During recent Kwanzaa celebrations there was a call for collective economics. “Ujamaa (Cooperative Economics): To build and maintain our own stores, shops, and other businesses and to profit from them together.” This was explained by many as a call to “Buy Black” with others accepting that it was a call for supporting “Black Capitalism.” I want to offer a critique of this understanding from the standpoint of what would be progressive and beneficial in a transformative way to the black community.
Eliminating food deserts and building community ownership are keys to sustainable development
Steve Dubb and David Zuckerman recently published a great article explaining how eliminating food deserts is critical to developing sustainable communities. This is precisely what the folks in Northeast Greensboro are working on through the Renaissance Community Coop. We are thrilled to join them in this effort and excited about the transformative potential it has for their community, and the city of Greensboro more broadly.
The authors point out that grassroots focused economic development is important – critically important – but that community ownership is equally vital and often times overlooked. They go on to briefly outline other communities using community-owned cooperatives to eliminate food deserts and build community wealth:
One strategy for ensuring community ownership can be seen in Pittsburgh’s Hill District. In 2008, community organizations successfully negotiated the city’s first ever Community Benefits Agreement (CBA). As part of this agreement, the Hill House Economic Development Corporation received $2 million in commitments from the Pittsburgh Penguins and the Pittsburgh Urban Redevelopment Authority to help develop the neighborhood’s first grocery store in over 30 years.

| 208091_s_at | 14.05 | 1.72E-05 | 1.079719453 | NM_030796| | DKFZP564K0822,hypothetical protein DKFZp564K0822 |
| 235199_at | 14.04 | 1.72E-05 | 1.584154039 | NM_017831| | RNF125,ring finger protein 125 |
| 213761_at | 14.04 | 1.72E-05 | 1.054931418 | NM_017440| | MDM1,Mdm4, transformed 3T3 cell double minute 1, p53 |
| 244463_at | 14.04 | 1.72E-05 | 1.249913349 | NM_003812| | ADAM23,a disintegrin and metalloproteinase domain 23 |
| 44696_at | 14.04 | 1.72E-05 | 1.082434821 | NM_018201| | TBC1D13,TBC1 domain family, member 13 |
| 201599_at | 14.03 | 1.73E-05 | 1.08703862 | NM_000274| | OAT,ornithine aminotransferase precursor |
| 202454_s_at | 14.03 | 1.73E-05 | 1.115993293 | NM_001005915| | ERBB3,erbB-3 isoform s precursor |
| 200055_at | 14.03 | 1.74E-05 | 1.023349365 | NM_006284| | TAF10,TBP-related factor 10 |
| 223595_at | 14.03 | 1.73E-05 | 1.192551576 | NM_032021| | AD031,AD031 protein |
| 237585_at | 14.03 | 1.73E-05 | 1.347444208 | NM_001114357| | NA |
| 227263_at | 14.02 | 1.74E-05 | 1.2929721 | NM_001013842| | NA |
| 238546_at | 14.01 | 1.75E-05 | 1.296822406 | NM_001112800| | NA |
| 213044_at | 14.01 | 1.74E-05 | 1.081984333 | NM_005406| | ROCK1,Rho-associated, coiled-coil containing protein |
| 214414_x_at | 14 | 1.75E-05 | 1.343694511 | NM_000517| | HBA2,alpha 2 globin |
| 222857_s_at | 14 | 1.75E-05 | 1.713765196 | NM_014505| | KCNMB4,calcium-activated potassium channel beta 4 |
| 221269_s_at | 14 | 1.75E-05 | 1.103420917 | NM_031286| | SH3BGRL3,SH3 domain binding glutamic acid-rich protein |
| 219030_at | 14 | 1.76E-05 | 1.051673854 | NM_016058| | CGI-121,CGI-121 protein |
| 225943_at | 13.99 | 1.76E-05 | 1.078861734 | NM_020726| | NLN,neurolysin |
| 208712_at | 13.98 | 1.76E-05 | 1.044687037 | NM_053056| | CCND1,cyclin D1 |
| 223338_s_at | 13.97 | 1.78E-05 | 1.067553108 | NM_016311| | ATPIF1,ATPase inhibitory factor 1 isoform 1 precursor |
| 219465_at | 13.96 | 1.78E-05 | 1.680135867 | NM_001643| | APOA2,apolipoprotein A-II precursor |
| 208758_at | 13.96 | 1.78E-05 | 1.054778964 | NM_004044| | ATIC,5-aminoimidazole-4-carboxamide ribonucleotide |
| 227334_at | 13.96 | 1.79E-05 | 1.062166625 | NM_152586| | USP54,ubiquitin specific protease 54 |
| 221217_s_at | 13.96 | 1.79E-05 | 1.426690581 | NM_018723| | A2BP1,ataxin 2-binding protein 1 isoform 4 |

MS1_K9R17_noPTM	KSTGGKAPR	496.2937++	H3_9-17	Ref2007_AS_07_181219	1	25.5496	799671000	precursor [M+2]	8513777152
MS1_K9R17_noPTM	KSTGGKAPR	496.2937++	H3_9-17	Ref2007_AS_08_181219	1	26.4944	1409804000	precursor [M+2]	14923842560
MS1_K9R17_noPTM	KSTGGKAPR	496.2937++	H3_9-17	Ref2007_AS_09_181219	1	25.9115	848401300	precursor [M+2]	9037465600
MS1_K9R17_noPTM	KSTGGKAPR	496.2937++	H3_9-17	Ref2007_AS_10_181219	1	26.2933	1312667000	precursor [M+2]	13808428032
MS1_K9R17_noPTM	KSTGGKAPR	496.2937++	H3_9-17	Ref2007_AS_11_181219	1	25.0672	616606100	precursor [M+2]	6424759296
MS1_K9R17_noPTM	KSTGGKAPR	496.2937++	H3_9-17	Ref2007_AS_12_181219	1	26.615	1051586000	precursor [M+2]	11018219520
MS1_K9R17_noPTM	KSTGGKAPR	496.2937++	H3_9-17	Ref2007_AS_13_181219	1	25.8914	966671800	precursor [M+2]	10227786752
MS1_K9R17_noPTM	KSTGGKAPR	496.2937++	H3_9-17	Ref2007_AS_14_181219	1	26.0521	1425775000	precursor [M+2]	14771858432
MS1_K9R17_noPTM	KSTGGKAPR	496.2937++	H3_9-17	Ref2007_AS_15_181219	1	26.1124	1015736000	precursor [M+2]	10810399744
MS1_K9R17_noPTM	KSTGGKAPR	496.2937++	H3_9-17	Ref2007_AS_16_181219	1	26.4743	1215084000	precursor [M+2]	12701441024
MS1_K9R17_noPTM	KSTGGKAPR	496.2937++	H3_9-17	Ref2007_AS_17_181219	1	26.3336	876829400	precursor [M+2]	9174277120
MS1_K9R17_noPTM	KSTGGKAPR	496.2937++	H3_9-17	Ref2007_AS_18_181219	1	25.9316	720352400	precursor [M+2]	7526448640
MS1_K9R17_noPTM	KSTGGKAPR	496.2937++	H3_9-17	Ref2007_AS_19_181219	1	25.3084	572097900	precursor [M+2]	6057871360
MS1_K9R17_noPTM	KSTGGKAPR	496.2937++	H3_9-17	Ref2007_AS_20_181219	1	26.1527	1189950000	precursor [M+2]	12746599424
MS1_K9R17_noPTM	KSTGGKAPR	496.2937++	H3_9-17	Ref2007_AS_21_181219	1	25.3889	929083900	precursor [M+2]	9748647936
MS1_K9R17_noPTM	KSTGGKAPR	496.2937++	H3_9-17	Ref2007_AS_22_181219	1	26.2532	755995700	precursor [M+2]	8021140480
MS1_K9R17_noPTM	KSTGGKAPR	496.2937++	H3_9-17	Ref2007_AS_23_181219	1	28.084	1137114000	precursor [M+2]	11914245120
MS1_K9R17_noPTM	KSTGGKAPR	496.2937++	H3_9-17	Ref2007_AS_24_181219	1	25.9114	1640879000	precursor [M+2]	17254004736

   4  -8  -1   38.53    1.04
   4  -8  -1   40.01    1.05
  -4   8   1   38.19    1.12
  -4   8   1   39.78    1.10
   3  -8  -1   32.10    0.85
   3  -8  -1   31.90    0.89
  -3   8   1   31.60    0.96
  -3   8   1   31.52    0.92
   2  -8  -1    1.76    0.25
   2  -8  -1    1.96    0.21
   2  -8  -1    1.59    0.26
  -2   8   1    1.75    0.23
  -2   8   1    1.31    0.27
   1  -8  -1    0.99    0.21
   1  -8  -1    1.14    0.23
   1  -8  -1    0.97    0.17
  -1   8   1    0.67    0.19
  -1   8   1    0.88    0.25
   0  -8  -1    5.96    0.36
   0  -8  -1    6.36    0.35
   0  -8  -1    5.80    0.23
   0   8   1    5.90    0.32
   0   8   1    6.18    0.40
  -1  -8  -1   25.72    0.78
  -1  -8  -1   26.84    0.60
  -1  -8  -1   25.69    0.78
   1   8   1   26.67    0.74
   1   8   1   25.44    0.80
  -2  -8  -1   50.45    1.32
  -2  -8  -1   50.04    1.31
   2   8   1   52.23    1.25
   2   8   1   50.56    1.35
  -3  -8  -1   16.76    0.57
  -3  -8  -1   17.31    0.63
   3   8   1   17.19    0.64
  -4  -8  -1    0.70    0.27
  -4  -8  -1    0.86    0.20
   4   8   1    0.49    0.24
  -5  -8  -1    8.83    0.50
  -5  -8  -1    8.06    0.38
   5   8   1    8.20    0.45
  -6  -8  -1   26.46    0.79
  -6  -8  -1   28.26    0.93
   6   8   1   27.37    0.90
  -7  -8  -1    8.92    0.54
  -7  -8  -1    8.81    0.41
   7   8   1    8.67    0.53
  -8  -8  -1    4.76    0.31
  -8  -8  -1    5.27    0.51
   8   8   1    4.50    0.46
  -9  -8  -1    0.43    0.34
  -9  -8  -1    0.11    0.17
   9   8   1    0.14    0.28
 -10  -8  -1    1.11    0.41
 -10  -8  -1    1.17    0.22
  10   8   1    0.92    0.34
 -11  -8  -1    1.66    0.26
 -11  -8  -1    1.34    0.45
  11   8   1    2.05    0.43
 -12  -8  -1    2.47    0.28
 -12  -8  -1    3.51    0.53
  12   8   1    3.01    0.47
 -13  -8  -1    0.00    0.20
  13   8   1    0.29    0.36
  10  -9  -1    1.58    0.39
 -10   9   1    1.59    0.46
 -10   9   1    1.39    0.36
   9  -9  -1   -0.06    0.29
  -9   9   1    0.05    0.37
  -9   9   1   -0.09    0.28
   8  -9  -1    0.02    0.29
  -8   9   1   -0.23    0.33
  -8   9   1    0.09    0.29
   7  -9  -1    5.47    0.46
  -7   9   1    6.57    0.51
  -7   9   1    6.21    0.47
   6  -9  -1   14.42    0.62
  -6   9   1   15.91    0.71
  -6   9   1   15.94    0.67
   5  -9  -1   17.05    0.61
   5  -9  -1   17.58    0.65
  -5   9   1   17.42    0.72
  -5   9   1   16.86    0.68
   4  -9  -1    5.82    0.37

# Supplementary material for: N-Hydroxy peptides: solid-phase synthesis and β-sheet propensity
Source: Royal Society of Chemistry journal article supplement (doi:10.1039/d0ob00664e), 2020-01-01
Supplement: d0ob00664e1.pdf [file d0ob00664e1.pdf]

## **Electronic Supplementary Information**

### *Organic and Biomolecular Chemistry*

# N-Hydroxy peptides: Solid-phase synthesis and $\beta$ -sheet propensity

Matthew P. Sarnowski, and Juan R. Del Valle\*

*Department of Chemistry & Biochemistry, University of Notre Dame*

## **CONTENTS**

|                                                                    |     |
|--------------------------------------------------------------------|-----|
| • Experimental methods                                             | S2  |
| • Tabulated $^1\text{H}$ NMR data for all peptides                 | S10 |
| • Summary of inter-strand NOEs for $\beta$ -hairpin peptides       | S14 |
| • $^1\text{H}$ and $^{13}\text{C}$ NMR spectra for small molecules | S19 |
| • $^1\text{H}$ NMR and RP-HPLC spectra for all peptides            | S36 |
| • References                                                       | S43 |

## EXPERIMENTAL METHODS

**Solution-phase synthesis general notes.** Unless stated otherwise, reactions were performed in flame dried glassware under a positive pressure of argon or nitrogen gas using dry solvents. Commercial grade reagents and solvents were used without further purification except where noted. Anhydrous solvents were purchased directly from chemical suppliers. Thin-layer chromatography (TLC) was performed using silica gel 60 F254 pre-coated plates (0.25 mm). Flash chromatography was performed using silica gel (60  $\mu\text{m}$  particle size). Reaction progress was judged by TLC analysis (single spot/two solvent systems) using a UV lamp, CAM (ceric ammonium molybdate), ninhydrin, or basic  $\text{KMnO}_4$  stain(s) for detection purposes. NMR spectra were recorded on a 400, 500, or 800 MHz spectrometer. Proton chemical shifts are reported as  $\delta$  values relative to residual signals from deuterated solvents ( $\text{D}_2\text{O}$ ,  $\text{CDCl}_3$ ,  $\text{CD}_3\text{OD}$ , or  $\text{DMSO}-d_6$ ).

Importantly, Hill House EDC continues to own the land on which the store is built, ensuring that lease payments provide earned income revenue for years to come to financially support the nonprofit. Additionally, as part of the CBA, Hill District residents referred by a newly established First Source Center receive first consideration for all hires.
They close by noting that,
A framework for revitalization that includes local purchasing and hiring, employee and community ownership, and anchor institution and community stakeholder support is necessary to guarantee that, over the long term, the community retains control of its important assets.
Ridding communities of food deserts so that the people have access to healthy and affordable food is a cornerstone piece of redeveloping our neighborhoods to be sustainable. Community-owned businesses can play a critical role in this work. Reinvesting money directly back into those communities through democratic processes is equally important. The Renaissance Community Coop is building just such a business and, in the process, re-imagining their community as one that is democratic, just and sustainable.